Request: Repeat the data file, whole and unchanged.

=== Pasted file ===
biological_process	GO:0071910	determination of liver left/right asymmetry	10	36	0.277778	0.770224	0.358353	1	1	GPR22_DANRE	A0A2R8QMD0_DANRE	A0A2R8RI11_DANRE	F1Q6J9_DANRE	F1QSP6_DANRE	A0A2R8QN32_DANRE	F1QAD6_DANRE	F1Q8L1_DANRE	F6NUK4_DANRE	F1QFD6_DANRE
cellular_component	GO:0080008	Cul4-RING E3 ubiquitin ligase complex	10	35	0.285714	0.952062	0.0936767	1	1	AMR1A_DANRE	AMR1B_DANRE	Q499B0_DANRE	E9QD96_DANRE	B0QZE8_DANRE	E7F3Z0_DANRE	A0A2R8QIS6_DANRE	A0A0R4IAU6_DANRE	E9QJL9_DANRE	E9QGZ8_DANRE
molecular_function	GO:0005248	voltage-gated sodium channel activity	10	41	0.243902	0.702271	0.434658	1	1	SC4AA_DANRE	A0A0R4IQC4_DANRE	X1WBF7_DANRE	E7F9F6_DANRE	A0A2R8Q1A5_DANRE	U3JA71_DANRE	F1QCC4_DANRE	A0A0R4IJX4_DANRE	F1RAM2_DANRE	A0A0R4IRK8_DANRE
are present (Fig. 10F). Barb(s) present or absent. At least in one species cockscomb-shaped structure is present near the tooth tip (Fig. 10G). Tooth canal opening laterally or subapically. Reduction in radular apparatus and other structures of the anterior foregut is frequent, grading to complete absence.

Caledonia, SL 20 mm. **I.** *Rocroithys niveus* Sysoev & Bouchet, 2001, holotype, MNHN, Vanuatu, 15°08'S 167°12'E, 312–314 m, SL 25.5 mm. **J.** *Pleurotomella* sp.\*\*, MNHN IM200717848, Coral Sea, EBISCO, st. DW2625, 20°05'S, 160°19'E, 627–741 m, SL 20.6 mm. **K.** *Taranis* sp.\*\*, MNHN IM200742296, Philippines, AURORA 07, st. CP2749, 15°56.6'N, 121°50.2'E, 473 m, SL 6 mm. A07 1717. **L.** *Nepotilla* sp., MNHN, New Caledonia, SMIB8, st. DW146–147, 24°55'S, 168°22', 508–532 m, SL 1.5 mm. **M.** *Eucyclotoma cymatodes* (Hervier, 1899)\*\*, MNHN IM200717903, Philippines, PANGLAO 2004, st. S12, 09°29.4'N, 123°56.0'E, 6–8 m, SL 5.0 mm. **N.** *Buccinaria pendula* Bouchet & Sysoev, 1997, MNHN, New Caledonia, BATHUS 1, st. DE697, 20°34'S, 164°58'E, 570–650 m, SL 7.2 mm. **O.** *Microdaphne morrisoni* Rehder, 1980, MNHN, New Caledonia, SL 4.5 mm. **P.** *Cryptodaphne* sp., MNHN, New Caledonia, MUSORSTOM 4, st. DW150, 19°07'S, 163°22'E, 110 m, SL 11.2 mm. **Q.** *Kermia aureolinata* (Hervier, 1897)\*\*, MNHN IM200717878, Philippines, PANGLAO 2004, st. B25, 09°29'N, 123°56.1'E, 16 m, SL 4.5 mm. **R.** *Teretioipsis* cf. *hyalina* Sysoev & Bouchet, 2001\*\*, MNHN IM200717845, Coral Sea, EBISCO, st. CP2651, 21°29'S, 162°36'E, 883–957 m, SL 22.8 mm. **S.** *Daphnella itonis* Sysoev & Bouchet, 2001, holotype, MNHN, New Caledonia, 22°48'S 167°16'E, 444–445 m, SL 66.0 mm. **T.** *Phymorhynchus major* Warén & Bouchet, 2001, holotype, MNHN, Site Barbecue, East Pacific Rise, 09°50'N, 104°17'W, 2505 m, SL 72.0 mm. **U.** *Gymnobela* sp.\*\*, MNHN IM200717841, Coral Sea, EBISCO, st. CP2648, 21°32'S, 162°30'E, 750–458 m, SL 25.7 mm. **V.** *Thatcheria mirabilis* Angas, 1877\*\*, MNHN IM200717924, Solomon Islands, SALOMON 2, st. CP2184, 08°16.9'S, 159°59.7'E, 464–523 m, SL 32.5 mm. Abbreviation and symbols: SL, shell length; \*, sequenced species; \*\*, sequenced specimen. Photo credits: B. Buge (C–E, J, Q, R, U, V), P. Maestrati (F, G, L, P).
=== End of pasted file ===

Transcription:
biological_process	GO:0071910	determination of liver left/right asymmetry	10	36	0.277778	0.770224	0.358353	1	1	GPR22_DANRE	A0A2R8QMD0_DANRE	A0A2R8RI11_DANRE	F1Q6J9_DANRE	F1QSP6_DANRE	A0A2R8QN32_DANRE	F1QAD6_DANRE	F1Q8L1_DANRE	F6NUK4_DANRE	F1QFD6_DANRE
cellular_component	GO:0080008	Cul4-RING E3 ubiquitin ligase complex	10	35	0.285714	0.952062	0.0936767	1	1	AMR1A_DANRE	AMR1B_DANRE	Q499B0_DANRE	E9QD96_DANRE	B0QZE8_DANRE	E7F3Z0_DANRE	A0A2R8QIS6_DANRE	A0A0R4IAU6_DANRE	E9QJL9_DANRE	E9QGZ8_DANRE
molecular_function	GO:0005248	voltage-gated sodium channel activity	10	41	0.243902	0.702271	0.434658	1	1	SC4AA_DANRE	A0A0R4IQC4_DANRE	X1WBF7_DANRE	E7F9F6_DANRE	A0A2R8Q1A5_DANRE	U3JA71_DANRE	F1QCC4_DANRE	A0A0R4IJX4_DANRE	F1RAM2_DANRE	A0A0R4IRK8_DANRE
are present (Fig. 10F). Barb(s) present or absent. At least in one species cockscomb-shaped structure is present near the tooth tip (Fig. 10G). Tooth canal opening laterally or subapically. Reduction in radular apparatus and other structures of the anterior foregut is frequent, grading to complete absence.

Caledonia, SL 20 mm. **I.** *Rocroithys niveus* Sysoev & Bouchet, 2001, holotype, MNHN, Vanuatu, 15°08'S 167°12'E, 312–314 m, SL 25.5 mm. **J.** *Pleurotomella* sp.\*\*, MNHN IM200717848, Coral Sea, EBISCO, st. DW2625, 20°05'S, 160°19'E, 627–741 m, SL 20.6 mm. **K.** *Taranis* sp.\*\*, MNHN IM200742296, Philippines, AURORA 07, st. CP2749, 15°56.6'N, 121°50.2'E, 473 m, SL 6 mm. A07 1717. **L.** *Nepotilla* sp., MNHN, New Caledonia, SMIB8, st. DW146–147, 24°55'S, 168°22', 508–532 m, SL 1.5 mm. **M.** *Eucyclotoma cymatodes* (Hervier, 1899)\*\*, MNHN IM200717903, Philippines, PANGLAO 2004, st. S12, 09°29.4'N, 123°56.0'E, 6–8 m, SL 5.0 mm. **N.** *Buccinaria pendula* Bouchet & Sysoev, 1997, MNHN, New Caledonia, BATHUS 1, st. DE697, 20°34'S, 164°58'E, 570–650 m, SL 7.2 mm. **O.** *Microdaphne morrisoni* Rehder, 1980, MNHN, New Caledonia, SL 4.5 mm. **P.** *Cryptodaphne* sp., MNHN, New Caledonia, MUSORSTOM 4, st. DW150, 19°07'S, 163°22'E, 110 m, SL 11.2 mm. **Q.** *Kermia aureolinata* (Hervier, 1897)\*\*, MNHN IM200717878, Philippines, PANGLAO 2004, st. B25, 09°29'N, 123°56.1'E, 16 m, SL 4.5 mm. **R.** *Teretioipsis* cf. *hyalina* Sysoev & Bouchet, 2001\*\*, MNHN IM200717845, Coral Sea, EBISCO, st. CP2651, 21°29'S, 162°36'E, 883–957 m, SL 22.8 mm. **S.** *Daphnella itonis* Sysoev & Bouchet, 2001, holotype, MNHN, New Caledonia, 22°48'S 167°16'E, 444–445 m, SL 66.0 mm. **T.** *Phymorhynchus major* Warén & Bouchet, 2001, holotype, MNHN, Site Barbecue, East Pacific Rise, 09°50'N, 104°17'W, 2505 m, SL 72.0 mm. **U.** *Gymnobela* sp.\*\*, MNHN IM200717841, Coral Sea, EBISCO, st. CP2648, 21°32'S, 162°30'E, 750–458 m, SL 25.7 mm. **V.** *Thatcheria mirabilis* Angas, 1877\*\*, MNHN IM200717924, Solomon Islands, SALOMON 2, st. CP2184, 08°16.9'S, 159°59.7'E, 464–523 m, SL 32.5 mm. Abbreviation and symbols: SL, shell length; \*, sequenced species; \*\*, sequenced specimen. Photo credits: B. Buge (C–E, J, Q, R, U, V), P. Maestrati (F, G, L, P).